Orwell's post-1945 writings (Animal Farm and 1984), are powerful allegories on the totalitarianism of the then recent decades. There was general scepticism concerning the possible shape of the political future. His slogans (of which All animals are equal, but some are more equal than others is perhaps the most famous) satirised those of the great dictators, not only the Soviet ones but those of the Third Reich, such as Arbeit macht frei ('work makes you free'.) written above the entrance gates of places like Auschwitz.
In 1984 Orwell attempts to show how public opinion is managed through the deft use of description in the names of government departments . The War Ministry is The Ministry of Peace, the Secret Police headquarters with its departmental torture chambers is The Ministry of Love, and the Information Ministry is The Ministry of Truth -where they only tell lies etc.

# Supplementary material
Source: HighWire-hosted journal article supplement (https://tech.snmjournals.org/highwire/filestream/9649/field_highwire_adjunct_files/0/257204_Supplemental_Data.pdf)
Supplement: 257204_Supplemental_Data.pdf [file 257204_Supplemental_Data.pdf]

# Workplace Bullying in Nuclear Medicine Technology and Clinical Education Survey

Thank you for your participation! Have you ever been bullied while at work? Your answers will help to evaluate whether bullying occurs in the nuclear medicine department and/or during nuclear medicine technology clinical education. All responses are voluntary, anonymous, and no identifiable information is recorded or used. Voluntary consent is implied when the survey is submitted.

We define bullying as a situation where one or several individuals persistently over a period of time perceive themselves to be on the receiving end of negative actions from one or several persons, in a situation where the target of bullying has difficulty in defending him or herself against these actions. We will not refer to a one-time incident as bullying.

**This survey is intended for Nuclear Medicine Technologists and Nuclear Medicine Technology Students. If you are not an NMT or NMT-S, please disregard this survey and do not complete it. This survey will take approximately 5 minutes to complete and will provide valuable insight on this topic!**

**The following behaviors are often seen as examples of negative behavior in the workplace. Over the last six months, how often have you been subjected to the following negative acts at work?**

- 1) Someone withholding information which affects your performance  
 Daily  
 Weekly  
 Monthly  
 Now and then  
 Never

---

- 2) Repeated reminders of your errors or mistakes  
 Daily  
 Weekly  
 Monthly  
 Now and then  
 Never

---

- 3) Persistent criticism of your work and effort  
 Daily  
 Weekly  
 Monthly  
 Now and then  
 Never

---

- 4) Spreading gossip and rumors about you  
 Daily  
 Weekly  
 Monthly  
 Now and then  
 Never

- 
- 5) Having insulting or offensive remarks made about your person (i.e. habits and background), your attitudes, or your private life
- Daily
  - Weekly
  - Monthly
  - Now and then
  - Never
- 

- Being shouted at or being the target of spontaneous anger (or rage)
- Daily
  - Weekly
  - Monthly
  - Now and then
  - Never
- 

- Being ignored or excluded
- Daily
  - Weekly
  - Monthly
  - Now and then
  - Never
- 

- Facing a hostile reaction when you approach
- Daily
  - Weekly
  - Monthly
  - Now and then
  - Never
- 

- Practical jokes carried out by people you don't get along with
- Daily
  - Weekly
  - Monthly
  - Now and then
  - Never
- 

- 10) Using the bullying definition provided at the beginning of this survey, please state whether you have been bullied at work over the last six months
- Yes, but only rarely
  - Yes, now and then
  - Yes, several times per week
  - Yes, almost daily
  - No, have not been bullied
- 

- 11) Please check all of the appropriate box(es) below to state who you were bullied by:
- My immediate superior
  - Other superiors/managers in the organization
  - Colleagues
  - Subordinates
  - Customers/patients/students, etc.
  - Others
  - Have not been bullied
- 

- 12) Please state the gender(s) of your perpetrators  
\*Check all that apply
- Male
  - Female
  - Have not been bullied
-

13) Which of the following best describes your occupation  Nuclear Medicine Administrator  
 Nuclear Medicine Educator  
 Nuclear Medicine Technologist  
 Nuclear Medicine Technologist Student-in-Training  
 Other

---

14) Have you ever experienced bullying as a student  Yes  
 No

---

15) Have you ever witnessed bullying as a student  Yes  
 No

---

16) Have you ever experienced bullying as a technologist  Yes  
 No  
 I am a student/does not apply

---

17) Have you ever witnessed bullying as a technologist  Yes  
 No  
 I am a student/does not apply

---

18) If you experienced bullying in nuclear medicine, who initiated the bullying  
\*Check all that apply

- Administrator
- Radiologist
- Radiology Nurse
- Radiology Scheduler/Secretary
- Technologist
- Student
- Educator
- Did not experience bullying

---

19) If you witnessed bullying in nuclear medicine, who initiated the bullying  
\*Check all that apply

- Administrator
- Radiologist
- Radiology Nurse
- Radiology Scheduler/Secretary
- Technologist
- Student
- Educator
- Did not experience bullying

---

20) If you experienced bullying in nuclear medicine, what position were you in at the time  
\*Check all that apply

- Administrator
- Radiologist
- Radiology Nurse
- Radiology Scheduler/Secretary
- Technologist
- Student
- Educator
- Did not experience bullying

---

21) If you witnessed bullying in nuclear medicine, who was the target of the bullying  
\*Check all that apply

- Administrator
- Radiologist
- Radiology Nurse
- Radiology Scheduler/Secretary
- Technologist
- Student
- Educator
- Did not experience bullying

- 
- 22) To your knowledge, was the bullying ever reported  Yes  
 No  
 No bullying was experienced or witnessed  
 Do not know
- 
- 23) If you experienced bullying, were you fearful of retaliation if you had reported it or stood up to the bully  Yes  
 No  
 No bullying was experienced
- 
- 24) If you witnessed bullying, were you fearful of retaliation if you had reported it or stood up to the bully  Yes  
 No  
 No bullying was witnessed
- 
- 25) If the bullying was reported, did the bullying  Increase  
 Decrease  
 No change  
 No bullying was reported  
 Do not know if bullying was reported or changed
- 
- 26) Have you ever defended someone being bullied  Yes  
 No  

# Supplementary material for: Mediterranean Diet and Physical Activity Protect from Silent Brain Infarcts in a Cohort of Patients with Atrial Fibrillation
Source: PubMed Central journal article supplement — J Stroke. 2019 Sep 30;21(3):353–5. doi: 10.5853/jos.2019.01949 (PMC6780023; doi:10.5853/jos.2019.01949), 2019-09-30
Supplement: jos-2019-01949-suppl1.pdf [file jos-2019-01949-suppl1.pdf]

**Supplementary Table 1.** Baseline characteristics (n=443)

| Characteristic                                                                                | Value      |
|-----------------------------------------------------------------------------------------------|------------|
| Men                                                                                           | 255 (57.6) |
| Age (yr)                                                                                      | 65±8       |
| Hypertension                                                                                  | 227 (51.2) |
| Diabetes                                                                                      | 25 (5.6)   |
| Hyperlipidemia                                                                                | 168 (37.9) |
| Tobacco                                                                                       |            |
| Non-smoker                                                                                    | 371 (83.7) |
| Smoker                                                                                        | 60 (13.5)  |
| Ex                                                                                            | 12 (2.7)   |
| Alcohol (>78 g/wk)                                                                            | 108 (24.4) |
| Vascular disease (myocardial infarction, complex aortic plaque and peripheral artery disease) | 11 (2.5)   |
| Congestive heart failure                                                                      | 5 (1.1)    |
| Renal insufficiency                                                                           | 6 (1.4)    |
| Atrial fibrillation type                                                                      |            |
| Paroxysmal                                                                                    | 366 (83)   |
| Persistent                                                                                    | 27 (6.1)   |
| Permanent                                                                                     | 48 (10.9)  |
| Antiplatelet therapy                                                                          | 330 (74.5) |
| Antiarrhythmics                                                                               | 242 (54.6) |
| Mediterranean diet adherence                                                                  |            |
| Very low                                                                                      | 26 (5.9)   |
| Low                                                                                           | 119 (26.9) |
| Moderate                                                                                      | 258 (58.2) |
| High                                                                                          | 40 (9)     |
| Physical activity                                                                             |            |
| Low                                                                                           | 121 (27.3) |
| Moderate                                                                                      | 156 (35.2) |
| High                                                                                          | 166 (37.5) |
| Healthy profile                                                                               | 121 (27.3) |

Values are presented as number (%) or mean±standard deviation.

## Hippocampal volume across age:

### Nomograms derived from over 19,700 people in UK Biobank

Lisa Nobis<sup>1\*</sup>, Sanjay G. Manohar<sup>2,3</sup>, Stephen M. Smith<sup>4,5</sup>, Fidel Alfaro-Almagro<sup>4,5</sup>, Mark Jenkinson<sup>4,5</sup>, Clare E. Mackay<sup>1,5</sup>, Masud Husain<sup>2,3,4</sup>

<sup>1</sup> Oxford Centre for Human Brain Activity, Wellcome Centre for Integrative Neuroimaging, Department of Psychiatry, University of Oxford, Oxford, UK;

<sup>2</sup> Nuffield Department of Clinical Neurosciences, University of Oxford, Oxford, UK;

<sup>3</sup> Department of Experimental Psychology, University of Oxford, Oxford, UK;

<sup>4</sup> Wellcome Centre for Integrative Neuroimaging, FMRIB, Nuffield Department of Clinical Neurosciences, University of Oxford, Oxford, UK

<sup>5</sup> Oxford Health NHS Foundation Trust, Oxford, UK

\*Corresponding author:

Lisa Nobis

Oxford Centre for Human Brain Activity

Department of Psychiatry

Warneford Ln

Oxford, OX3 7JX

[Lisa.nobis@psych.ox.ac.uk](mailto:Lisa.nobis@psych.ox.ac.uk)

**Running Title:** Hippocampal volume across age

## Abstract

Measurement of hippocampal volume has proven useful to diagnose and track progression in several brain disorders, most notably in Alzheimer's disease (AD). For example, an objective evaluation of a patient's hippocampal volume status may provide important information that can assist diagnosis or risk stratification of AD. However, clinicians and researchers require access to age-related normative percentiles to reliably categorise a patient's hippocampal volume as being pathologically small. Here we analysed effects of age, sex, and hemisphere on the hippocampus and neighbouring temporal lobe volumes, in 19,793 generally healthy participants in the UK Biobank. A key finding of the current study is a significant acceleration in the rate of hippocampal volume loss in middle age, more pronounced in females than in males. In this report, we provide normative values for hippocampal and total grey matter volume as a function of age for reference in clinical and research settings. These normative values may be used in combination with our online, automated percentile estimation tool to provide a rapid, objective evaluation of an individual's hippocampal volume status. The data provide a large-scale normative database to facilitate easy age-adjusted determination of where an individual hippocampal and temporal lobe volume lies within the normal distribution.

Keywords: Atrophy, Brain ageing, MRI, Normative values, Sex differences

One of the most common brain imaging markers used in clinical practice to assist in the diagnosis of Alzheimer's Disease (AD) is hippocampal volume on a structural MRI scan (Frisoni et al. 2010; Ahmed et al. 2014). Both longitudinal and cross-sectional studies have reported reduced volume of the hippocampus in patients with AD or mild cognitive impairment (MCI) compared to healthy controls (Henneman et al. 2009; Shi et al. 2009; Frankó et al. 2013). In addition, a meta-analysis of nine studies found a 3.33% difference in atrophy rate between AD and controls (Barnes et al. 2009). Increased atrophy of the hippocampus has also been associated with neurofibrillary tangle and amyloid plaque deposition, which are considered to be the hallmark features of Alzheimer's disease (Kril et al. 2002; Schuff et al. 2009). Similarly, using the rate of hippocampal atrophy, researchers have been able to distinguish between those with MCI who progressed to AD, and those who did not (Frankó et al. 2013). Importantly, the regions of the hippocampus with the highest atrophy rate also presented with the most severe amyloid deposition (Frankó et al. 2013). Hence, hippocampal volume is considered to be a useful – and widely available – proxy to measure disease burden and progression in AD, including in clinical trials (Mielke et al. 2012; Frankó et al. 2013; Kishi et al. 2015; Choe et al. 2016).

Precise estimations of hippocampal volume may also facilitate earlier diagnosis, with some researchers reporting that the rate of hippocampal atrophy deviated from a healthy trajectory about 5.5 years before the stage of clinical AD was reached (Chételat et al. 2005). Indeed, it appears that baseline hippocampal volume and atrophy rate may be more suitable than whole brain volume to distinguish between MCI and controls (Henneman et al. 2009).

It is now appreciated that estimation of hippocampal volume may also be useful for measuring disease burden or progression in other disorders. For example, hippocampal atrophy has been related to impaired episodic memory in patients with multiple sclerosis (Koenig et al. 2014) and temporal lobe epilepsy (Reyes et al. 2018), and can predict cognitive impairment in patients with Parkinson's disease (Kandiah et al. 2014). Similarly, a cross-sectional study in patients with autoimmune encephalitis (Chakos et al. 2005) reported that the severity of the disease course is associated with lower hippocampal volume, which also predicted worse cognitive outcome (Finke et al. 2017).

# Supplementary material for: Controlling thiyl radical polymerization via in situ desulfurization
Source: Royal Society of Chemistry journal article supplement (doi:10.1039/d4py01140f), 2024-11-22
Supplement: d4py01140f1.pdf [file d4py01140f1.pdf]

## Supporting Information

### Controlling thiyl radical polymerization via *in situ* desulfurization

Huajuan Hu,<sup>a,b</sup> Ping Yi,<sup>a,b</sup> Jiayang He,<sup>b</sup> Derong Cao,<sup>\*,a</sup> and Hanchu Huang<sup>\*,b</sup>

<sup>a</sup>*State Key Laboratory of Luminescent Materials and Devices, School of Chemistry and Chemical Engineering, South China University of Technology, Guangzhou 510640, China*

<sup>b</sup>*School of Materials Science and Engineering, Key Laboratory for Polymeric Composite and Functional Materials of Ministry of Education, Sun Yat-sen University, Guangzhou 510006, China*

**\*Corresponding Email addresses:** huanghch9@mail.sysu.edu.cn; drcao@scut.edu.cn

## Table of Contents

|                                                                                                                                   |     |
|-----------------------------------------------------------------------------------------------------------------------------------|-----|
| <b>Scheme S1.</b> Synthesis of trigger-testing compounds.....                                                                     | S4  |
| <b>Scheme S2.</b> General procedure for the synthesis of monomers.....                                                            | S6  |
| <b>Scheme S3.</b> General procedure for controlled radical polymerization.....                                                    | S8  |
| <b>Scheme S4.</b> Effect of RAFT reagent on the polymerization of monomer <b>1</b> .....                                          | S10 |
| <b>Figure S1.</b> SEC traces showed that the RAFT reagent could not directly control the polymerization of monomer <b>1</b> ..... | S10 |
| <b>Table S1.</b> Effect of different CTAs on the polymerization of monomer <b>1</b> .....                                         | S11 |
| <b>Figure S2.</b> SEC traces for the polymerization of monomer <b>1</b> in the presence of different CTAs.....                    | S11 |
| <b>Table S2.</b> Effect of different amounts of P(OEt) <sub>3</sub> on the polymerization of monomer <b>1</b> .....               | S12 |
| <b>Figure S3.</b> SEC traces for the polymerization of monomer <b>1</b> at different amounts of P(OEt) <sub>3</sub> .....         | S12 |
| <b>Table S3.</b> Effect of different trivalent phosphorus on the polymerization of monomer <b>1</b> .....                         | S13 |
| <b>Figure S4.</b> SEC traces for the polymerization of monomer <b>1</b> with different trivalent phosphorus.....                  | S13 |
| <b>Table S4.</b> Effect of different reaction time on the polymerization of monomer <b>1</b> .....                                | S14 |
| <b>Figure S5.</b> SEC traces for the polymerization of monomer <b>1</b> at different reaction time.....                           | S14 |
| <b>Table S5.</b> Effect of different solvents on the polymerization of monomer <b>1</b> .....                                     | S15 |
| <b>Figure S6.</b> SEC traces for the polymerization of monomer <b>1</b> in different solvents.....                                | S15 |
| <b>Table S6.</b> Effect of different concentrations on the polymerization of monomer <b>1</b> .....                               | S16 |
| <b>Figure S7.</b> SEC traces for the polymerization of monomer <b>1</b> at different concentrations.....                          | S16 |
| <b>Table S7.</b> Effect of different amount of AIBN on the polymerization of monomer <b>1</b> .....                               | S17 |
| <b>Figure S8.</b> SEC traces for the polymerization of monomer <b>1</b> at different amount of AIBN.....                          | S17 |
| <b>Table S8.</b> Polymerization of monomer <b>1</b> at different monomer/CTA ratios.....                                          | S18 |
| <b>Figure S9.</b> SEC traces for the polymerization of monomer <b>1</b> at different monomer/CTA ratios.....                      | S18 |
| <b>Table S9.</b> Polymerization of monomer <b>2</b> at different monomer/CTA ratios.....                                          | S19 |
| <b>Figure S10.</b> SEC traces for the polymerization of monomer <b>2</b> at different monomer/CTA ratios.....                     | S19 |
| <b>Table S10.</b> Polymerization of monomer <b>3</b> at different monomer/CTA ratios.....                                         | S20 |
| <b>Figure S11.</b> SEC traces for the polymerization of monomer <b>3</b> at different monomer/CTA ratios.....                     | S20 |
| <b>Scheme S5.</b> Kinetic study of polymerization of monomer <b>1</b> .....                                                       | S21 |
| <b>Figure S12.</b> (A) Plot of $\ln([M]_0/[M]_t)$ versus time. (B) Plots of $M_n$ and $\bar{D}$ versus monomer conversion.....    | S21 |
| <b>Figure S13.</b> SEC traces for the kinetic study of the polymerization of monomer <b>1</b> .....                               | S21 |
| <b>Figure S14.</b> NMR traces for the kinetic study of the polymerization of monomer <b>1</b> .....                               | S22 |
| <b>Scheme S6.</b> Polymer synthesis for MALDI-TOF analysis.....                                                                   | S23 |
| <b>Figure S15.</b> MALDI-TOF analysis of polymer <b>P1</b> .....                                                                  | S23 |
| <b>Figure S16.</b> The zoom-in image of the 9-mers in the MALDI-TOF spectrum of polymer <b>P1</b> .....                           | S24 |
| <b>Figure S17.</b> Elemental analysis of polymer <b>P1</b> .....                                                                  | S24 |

This is the Art-Deco, 1930s built Senate House, the administrative HQ of the University of London, in Bloomsbury.
During the Second World War, the building's use by the Ministry of Information inspired two works of fiction by English writers. The
earliest, Graham Greene's novel The Ministry of Fear (1943), inspired
a 1944 film adaptation directed by Fritz Lang set in Bloomsbury.
The description of the Ministry of Truth in George Orwell's novel
Nineteen Eighty-Four (1949) matches the Senate House. His wife Eileen
worked in the building for the Censorship Department of the Ministry
of Information. Wikipedia.
I can never enter the building without sensing the sinister presence of Big Brother.
So the name of the rhetorical strategy I would suggest is (and I confess I am no rhetorician) satirical allegory.